Although the records are sketchy, Alpheton was founded, it is believed, by Aefflead, whose husband Byrthnoth, Earl of Essex, was killed at the battle of Maldon, on the Blackwater River in Essex, in AD 991.
The battle was one of many against the invading Vikings from Scandinavia and might not have been of note if Byrthnoth had not decided to make a stand and fight, rather than paying the Danegeld which was, as usual, demanded by the invaders. The decision would also not have been disastrous if he had forced the invaders to fight on the soft sand, which was wholly to the advantage of the defenders. As it was they were allowed to come onto the harder ground and, with their superior numbers, they defeated and killed Byrthnoth.
Aefflead was the sister-in-law of the Saxon king Edmund the Elder, and following the battle and the death of her husband, she moved north from Maldon and settled in what was originally called Aefflead's Tun (estate) and probably lived in Alpheton Hall. The name was altered through the ages and is described as Alfreton in the Domesday Book. The origin of the present name is not known, but it would appear that it was a variation on the previous ones.
The village has changed little over the centuries and has maintained a rural farming existence. There are now four farms in the village, Alpheton Hall, Clapstile Farm, Tye Farm and the largest, Lavenham Lodge. Before the war many of the properties in the village were occupied by people working on the farms. Housing is now a mixture of local authority and privately owned homes.
The Two World Wars
Like so many other communities in the country, many of the young village men fought in The First World War. The names of those who died are inscribed on a marble tablet in the Church.
During the twenties, life returned more or less to normal, although there were changes. In 1936 the School in the Glebe closed and all the Alpheton pupils had to go to Shimpling. The school building initially became the Village Hall and then a private house when the new hall was built.
In 1939, The Land Girls of The Women's Land Army appeared in Alpheton.They came to help with the work in the fields and they were billeted in homes around the village. The Old Rectory alone had 30 living in all the rooms, which were converted to make dormitories and a sitting room. Other newcomers were the evacuees from the East End of London, some of whom were housed in Buxtons which was then empty.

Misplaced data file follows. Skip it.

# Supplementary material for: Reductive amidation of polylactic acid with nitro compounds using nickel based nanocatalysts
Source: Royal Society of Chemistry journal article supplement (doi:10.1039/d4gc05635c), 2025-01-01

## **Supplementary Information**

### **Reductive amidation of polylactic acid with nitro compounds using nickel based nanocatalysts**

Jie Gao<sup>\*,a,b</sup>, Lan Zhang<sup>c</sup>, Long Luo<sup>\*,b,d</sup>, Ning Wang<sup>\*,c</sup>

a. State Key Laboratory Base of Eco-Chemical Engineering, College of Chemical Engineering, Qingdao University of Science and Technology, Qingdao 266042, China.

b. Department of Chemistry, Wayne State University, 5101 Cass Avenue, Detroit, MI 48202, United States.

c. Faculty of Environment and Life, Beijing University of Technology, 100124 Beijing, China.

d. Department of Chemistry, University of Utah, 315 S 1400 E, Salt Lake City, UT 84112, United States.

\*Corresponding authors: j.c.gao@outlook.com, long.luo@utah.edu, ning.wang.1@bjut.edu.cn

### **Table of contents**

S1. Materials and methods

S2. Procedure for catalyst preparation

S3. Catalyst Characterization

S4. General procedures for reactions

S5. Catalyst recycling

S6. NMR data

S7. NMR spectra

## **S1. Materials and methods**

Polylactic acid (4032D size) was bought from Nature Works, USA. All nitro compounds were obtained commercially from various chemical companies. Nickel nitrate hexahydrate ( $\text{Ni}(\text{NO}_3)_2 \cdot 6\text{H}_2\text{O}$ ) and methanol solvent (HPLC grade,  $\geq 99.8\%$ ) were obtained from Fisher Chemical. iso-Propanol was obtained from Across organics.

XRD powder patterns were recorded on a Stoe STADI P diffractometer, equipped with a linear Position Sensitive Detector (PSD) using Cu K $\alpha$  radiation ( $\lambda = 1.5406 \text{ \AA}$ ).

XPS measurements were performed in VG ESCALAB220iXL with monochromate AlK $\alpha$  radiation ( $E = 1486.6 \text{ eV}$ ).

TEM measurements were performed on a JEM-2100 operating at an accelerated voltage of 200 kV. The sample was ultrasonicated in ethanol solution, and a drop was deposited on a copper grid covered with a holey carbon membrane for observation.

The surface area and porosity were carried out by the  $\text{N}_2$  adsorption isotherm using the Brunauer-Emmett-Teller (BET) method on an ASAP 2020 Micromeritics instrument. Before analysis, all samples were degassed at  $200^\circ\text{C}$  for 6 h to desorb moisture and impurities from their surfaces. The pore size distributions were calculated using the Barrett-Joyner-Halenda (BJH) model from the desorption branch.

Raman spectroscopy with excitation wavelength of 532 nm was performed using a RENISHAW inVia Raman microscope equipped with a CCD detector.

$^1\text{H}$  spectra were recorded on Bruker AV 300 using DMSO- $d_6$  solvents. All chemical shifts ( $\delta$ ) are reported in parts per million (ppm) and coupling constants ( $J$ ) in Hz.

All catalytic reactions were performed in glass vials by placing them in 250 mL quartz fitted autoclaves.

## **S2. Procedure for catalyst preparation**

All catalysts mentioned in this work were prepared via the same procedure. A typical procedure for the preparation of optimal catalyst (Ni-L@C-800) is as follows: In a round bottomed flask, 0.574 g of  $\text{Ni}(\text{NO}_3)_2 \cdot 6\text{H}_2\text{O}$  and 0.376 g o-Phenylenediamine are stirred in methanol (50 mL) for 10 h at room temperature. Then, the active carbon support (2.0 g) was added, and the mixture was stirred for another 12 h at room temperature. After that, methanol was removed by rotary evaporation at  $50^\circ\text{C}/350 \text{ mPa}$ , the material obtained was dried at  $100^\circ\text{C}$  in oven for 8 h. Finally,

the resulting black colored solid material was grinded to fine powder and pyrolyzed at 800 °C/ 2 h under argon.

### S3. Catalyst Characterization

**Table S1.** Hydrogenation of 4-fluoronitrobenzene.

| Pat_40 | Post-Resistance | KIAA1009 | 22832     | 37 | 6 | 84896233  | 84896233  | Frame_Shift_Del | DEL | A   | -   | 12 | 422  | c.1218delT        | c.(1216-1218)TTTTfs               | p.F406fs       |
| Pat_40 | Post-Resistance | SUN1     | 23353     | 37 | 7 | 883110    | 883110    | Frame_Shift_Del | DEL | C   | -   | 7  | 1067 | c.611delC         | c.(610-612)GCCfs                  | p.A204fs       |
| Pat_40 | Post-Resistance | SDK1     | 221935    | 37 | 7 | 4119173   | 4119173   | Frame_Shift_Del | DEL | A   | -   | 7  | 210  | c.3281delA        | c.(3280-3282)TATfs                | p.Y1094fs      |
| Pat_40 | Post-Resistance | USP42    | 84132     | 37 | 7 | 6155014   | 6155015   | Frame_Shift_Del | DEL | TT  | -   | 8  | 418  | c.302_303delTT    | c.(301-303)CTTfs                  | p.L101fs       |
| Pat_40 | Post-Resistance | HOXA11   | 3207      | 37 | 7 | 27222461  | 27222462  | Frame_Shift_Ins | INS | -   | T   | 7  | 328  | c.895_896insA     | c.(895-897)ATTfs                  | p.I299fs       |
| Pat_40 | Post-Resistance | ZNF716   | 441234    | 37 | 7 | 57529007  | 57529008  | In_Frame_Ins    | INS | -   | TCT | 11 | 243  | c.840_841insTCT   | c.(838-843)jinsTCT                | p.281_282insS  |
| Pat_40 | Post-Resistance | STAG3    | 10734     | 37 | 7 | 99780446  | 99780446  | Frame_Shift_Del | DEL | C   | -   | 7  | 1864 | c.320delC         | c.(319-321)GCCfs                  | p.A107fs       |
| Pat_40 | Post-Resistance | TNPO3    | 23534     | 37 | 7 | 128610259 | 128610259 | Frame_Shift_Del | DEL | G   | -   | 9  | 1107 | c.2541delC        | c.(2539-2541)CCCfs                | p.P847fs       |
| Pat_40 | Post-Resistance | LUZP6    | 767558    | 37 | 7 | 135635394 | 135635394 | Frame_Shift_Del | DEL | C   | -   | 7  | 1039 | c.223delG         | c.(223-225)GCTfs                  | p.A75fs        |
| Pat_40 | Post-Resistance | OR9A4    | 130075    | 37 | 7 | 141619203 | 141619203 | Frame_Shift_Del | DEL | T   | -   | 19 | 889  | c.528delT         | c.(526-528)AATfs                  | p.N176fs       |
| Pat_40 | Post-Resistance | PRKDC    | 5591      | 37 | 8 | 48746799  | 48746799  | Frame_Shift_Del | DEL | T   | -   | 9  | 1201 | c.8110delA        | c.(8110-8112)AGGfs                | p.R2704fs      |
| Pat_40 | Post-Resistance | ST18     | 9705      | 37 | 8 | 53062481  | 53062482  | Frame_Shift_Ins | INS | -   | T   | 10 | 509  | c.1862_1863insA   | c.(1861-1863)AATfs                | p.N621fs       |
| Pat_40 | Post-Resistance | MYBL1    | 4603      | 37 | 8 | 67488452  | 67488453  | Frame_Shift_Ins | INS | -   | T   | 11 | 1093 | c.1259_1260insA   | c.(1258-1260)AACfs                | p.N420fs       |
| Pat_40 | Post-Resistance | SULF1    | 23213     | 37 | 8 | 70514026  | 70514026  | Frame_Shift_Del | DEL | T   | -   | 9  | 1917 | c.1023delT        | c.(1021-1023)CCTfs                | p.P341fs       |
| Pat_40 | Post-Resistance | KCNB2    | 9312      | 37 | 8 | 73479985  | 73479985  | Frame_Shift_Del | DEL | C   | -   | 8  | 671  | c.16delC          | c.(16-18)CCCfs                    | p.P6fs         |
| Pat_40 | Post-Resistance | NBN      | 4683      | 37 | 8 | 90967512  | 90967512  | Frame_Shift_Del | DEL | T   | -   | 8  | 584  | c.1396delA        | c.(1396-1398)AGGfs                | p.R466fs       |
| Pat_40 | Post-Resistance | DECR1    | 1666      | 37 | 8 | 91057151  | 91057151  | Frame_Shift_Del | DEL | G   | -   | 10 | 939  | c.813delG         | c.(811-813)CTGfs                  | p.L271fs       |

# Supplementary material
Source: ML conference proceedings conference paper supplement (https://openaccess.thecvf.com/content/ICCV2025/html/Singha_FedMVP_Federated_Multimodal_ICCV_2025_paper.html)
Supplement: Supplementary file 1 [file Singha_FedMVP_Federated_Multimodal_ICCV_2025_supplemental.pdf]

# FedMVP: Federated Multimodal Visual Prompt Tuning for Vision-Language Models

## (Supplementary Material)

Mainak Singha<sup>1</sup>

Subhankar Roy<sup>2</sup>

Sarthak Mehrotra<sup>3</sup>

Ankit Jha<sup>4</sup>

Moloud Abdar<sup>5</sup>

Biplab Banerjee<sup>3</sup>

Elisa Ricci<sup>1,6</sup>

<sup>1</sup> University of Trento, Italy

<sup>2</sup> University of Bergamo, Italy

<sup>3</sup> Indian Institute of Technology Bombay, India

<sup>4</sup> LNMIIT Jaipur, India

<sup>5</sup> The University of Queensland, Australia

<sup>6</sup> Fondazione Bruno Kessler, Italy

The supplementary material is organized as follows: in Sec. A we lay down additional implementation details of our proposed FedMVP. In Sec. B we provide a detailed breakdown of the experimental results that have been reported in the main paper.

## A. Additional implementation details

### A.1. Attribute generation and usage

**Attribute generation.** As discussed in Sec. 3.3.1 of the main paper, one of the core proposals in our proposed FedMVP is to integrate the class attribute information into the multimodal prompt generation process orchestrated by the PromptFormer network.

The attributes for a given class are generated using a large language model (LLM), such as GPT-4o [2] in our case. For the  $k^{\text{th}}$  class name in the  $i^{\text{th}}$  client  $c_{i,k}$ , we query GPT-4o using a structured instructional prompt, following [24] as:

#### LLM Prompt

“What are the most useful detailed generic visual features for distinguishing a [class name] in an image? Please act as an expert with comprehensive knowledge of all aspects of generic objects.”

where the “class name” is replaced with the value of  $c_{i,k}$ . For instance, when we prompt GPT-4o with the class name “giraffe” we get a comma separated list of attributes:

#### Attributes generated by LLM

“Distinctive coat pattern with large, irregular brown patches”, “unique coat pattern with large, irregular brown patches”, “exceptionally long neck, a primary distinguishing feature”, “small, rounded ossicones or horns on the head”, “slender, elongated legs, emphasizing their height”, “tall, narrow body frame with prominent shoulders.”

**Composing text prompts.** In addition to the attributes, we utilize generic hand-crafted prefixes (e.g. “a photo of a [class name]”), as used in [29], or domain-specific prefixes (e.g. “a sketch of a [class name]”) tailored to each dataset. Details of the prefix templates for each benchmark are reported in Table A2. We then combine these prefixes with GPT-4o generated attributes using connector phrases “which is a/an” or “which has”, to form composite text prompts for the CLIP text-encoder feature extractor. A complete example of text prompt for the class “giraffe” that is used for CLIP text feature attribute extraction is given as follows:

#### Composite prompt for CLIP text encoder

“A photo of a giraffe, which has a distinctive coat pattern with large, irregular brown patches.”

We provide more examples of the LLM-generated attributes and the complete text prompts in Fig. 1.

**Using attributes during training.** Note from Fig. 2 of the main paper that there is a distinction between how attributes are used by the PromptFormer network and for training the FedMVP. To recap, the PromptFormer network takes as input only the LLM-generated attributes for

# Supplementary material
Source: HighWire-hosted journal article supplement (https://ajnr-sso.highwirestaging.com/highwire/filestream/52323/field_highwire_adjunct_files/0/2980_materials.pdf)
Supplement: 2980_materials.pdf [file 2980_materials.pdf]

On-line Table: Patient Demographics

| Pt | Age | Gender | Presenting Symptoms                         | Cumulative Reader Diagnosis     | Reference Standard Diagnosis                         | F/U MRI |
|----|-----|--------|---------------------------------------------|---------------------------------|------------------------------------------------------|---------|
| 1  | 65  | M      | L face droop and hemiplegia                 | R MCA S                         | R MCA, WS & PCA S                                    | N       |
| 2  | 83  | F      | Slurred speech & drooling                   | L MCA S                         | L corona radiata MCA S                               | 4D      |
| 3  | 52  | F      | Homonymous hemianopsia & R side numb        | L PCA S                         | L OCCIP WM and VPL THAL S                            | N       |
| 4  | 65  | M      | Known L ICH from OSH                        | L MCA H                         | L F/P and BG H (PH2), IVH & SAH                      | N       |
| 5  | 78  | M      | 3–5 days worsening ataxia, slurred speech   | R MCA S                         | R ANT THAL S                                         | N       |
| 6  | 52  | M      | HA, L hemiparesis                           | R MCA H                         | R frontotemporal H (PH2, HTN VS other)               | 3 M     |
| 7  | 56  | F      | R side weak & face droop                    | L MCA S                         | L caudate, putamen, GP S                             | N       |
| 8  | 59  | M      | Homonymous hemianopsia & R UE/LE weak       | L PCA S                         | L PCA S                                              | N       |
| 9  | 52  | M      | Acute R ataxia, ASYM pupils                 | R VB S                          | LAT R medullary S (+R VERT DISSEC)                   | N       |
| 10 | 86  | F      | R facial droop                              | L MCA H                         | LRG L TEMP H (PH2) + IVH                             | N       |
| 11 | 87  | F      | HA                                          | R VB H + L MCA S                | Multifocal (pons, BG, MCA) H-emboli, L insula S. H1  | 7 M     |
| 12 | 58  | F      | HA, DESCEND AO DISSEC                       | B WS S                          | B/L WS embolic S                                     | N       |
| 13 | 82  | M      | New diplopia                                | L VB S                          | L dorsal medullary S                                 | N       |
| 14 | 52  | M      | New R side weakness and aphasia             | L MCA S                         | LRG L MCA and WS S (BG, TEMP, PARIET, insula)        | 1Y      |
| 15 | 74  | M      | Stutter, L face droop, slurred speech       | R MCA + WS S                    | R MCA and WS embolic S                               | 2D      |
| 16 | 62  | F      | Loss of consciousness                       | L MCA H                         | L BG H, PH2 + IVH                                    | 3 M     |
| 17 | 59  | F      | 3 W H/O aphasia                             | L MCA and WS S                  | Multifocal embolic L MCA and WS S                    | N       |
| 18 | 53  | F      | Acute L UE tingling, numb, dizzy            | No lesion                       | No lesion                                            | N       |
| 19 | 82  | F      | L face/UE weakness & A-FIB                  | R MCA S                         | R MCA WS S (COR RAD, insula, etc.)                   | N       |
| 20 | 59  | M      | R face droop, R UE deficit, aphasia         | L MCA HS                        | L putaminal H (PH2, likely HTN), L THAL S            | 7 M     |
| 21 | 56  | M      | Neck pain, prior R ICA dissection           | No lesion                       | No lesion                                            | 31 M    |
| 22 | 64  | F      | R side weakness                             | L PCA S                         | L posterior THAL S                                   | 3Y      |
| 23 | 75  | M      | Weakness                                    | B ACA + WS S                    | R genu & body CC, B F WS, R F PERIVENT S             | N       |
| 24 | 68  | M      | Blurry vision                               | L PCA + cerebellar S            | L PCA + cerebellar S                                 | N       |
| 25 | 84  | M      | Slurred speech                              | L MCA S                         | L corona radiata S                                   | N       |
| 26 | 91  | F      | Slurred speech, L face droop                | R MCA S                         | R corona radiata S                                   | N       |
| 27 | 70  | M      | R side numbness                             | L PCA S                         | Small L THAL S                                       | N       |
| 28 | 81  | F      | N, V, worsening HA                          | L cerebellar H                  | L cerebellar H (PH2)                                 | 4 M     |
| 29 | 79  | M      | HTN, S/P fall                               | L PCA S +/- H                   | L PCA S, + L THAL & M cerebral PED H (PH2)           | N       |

In 1941 a major event occurred in the village, with the start of the construction of the airfield (also known as Lavenham Airfield) on the land belonging to Lavenham Lodge Farm. Many Irish workers moved in to work for the construction giant Laings and were accommodated in the Old School. Their weekly visits to the Post Office, which then existed where Thatched Acre is now, to pay in their wages, formed a queue right up to the top of the road. The constant flow of lorries, up the Bury Road became a familiar sight, not to say a trial with constant accidents. However it was not long before work started on the new main road to take normal road traffic away from the village. This new road was opened in 1942 to the west of the existing one, which became at that time The Old Bury Road.
Work on the airfield was completed by 1943, but it was not secured until it became operational. Many people visited it and marvelled at the luxurious accommodation being provided for the Americans for whom it was being built.
Operational aircraft arrived in 1944. They were B24H and B24J Liberator bombers of 487th Bombardment group, part of 8th Airforce of the United States. They were later reinforced by B17 Flying Fortresses who remained for a year until the end of the war. The aircraft were identified by a white P in a black square painted on the upper surfaces of the wings and on the tail fin. Their first mission was carried out 7th May 1944 and the last on 21st April 1945. During this period, on 24th December 1944, they carried out the biggest 8th Airforce mission of the war. The operation was dogged by misfortune from the start with poor weather and the escorting Mustang fighters delayed by bad visibility. As a result the bombers flew unescorted and lost four B17s, including that of the Commanding General of 4th Wing (of which 487 was a part), General Frederick Castle, who was shot down and killed. He was able to hold the aircraft long enough for the crew to bale out but he himself was lost. He was posthumously awarded the Congressional Medal of Honour, America's highest award for gallantry. During their operational tour, 85 aircraft were lost.
The film '12 O'Clock High' was based on Lavenham/Alpheton airfield.
For more information on the airfield, go to www.lavenham.co.uk/airfield/
Peace time meant many changes. The Red Lion, known as "The 'alf eaton lion", which suffered so much loss of trade from the diversion of the road that it could not keep going, closed in 1964.
Closure of the Post Office and the village shop followed in 1975. Once the pub had closed, the adjoining land, which used to be orchards, was sold and the present chalet bungalows were built on The Glebe.
So too were a number of houses on both sides of the main road, but nevertheless there are still a number of old properties, some dating back to the middle ages. The most notable are the Mill House (c1350), Clapstile (c1390), Buxtons (c1460) and the Old Rectory (c1650), but there are others throughout the village.
Tallage is reputed to be the old Toll House on the main road between Bury and Sudbury. There was a Mission Room, housed in a small inter-denominational chapel in Bridge Street for many years. It was started in 1911. The first services were held in the barn with the congregation sitting on sacks of beans.